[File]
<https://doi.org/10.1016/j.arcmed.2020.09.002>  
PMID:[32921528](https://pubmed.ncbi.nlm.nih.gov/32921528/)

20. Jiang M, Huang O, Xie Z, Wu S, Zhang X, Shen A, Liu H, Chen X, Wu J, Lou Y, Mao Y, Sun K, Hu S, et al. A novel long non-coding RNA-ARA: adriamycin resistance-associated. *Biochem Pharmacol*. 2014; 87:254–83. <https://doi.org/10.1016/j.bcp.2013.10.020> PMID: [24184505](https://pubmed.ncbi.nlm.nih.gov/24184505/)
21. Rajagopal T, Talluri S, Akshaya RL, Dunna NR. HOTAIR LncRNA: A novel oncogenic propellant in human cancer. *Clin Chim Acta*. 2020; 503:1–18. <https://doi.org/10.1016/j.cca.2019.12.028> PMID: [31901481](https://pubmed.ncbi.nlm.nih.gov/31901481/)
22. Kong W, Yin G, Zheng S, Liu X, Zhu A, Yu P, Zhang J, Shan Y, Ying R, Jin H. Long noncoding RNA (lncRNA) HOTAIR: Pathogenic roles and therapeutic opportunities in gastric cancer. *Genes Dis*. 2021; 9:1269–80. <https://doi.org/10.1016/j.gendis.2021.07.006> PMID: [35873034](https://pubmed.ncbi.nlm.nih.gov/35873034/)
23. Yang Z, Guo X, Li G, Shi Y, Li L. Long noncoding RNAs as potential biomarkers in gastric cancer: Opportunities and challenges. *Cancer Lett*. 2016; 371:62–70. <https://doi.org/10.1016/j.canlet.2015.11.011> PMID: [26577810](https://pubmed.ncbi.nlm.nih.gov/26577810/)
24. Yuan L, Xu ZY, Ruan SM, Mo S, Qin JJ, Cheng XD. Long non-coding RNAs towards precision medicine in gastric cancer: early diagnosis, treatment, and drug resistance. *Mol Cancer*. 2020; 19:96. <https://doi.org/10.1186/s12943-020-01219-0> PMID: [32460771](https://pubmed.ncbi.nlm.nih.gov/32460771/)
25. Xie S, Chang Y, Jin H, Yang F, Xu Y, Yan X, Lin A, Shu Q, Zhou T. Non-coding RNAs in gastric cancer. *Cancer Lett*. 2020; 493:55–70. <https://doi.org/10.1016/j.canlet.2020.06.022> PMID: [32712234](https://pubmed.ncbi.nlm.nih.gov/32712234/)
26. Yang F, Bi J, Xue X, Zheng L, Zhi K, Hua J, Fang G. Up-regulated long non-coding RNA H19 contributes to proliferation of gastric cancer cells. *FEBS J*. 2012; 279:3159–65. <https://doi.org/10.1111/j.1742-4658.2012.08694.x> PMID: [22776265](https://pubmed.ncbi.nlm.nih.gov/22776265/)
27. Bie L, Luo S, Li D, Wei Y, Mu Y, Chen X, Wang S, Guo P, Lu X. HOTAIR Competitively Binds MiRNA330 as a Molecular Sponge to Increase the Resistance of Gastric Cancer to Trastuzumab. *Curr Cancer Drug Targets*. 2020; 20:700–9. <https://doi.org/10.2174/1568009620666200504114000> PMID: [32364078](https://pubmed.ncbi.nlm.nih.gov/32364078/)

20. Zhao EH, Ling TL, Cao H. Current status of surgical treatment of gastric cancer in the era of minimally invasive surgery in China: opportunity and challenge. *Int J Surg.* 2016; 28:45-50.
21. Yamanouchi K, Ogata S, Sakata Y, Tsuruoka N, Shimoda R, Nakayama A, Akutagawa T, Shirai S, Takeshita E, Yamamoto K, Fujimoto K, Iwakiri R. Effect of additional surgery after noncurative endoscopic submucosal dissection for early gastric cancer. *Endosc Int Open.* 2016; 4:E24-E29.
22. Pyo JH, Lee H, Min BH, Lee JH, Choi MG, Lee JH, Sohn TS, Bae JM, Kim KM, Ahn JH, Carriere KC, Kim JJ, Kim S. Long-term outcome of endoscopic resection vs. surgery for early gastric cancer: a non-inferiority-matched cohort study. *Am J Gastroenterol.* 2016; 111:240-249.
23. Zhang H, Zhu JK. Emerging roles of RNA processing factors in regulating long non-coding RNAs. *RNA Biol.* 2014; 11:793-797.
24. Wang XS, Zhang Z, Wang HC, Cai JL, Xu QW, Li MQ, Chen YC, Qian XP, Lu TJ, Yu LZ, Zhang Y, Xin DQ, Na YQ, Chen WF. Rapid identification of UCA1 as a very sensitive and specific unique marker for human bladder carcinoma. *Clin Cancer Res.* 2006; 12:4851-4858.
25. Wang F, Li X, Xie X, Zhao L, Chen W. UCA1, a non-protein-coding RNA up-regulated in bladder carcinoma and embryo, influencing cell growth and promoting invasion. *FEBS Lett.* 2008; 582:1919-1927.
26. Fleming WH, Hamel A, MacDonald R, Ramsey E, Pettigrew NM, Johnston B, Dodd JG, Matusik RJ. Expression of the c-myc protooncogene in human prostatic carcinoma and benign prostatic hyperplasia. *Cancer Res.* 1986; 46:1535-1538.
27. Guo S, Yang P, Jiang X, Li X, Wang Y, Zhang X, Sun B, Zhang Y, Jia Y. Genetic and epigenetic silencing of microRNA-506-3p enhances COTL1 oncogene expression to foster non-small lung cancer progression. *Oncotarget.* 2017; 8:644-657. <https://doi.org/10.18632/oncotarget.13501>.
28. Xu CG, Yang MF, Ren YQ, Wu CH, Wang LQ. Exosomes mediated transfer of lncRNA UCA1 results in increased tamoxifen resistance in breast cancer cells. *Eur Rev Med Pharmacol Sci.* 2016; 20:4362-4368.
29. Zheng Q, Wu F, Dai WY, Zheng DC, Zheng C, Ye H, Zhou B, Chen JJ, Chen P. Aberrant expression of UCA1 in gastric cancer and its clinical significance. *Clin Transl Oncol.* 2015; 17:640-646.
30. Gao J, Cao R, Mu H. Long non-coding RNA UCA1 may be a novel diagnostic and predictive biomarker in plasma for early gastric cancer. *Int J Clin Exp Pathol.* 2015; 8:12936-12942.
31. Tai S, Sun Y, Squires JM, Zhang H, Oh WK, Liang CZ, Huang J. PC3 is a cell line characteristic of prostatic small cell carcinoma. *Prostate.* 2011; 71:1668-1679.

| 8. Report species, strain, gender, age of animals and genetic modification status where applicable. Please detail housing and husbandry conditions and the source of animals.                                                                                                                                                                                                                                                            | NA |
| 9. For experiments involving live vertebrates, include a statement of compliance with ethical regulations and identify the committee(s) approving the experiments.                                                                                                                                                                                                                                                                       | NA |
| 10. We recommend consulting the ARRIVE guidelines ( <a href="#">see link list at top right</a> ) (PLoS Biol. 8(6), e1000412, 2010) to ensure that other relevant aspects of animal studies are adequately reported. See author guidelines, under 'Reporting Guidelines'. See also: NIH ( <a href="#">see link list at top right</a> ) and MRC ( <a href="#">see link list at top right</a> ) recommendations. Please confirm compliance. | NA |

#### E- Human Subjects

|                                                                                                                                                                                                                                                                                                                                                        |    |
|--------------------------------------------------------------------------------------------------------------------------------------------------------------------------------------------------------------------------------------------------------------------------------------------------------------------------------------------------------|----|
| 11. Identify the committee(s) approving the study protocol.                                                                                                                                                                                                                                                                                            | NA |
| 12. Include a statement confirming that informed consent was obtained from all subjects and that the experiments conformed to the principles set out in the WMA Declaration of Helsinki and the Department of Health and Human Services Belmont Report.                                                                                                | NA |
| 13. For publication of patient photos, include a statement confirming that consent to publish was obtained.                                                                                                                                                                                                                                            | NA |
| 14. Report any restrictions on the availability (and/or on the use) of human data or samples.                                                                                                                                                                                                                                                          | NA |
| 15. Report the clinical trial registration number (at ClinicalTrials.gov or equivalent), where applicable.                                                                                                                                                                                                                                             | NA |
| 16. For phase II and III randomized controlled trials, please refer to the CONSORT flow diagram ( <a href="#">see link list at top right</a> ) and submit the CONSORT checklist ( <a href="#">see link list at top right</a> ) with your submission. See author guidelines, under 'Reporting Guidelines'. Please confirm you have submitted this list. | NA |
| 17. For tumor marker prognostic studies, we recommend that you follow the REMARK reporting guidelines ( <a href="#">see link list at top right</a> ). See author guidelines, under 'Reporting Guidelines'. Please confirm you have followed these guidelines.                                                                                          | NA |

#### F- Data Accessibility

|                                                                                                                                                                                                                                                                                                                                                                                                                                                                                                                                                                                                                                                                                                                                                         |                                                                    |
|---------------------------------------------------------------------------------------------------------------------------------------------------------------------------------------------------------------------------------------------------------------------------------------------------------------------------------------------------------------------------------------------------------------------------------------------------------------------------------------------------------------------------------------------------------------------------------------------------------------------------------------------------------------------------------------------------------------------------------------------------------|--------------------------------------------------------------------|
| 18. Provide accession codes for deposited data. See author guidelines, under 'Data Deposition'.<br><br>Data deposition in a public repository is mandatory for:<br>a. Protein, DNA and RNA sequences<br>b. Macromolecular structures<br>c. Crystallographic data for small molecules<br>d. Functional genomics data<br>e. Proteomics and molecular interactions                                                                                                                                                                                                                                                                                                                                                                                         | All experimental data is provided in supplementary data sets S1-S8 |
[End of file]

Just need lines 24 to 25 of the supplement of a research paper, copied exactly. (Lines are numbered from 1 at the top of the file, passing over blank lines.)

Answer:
| 9. For experiments involving live vertebrates, include a statement of compliance with ethical regulations and identify the committee(s) approving the experiments.                                                                                                                                                                                                                                                                       | NA |
| 10. We recommend consulting the ARRIVE guidelines ( <a href="#">see link list at top right</a> ) (PLoS Biol. 8(6), e1000412, 2010) to ensure that other relevant aspects of animal studies are adequately reported. See author guidelines, under 'Reporting Guidelines'. See also: NIH ( <a href="#">see link list at top right</a> ) and MRC ( <a href="#">see link list at top right</a> ) recommendations. Please confirm compliance. | NA |